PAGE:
Regarding the many efforts to find molecular markers for the diagnosis of COPD, none of the multiple studies has provided any useful tool. All suggested markers such as pro-inflammatory cytokines of the Th1/Th2-type are up-regulated by other inflammatory diseases as well and do not allow to diagnose COPD or asthma specifically. Moreover, while the level of these markers in blood serum, sputum or airway fluids allow to distinguish a group of patients form healthy people, the large variability does not allow to use them as an indicator for a single patient.
Another chronic inflammatory disease is pulmonary fibrosis, which affects mainly people aged over 50 years. Symptoms include shortness of breath, dry cough, lack of energy, weight loss, and aching muscles. The cause(s) of pulmonary fibrosis is unclear. There is no cure for pulmonary fibrosis and the therapeutic options are very limited. The available drugs applied to pulmonary fibrosis extend the life span for some time, but have severe side effects on liver function.
The diagnosis of the disease includes spirometry, lung tissue biopsies, X-ray CT-scan. None of the studies indicated any disease specific protein or factor that can be used to diagnose pulmonary fibrosis. Like for asthma and COPD most bio-markers that are up-regulated in pulmonary fibrosis are also up-regulated in other chronic inflammatory diseases and vary between patients.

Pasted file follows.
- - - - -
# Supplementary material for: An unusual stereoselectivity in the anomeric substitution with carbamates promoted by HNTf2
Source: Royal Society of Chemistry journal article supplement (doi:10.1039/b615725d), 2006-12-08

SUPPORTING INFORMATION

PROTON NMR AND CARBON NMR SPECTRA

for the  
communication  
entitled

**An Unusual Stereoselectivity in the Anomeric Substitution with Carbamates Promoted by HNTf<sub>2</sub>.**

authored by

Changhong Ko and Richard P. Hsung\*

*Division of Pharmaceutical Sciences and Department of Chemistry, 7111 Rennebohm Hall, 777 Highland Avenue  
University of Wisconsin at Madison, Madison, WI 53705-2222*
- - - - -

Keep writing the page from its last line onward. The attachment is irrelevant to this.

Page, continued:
The diagnosis of chronic inflammatory lung diseases largely relies on lung function tests using mechanical equipment to measure airflow and breathing capacity. The diagnosis is based on the patient’s collaboration and the experience of the examining doctor. X-ray, CT-scan and other laboratory parameters can help to differentiate chronic inflammatory lung diseases from each other, but none of the tests can provide a certain diagnosis. In clinical practice the diagnosis of many patients has to be corrected with time according to repeated monitoring results. As a consequence, the therapy has to be adjusted. Without better diagnostic methods and tools the goal to achieve personalised therapy will not be achieved in the near future.
To solve the problem, firstly politicians and society have to recognise the great impact of chronic inflammatory lung diseases to the society. Second, funding to develop new diagnostic methods has to be provided and must come from un-biased organisations. Third, researchers have to take a step back and try new ideas. In order to develop better diagnostic methods and find new therapies it may be even necessary to reinvestigate the pathogenesis of chronic inflammatory lung diseases.
Pulmonary Cell Research & Pneumology
University & University Hospital Basel
+41 (0) 61 265 2337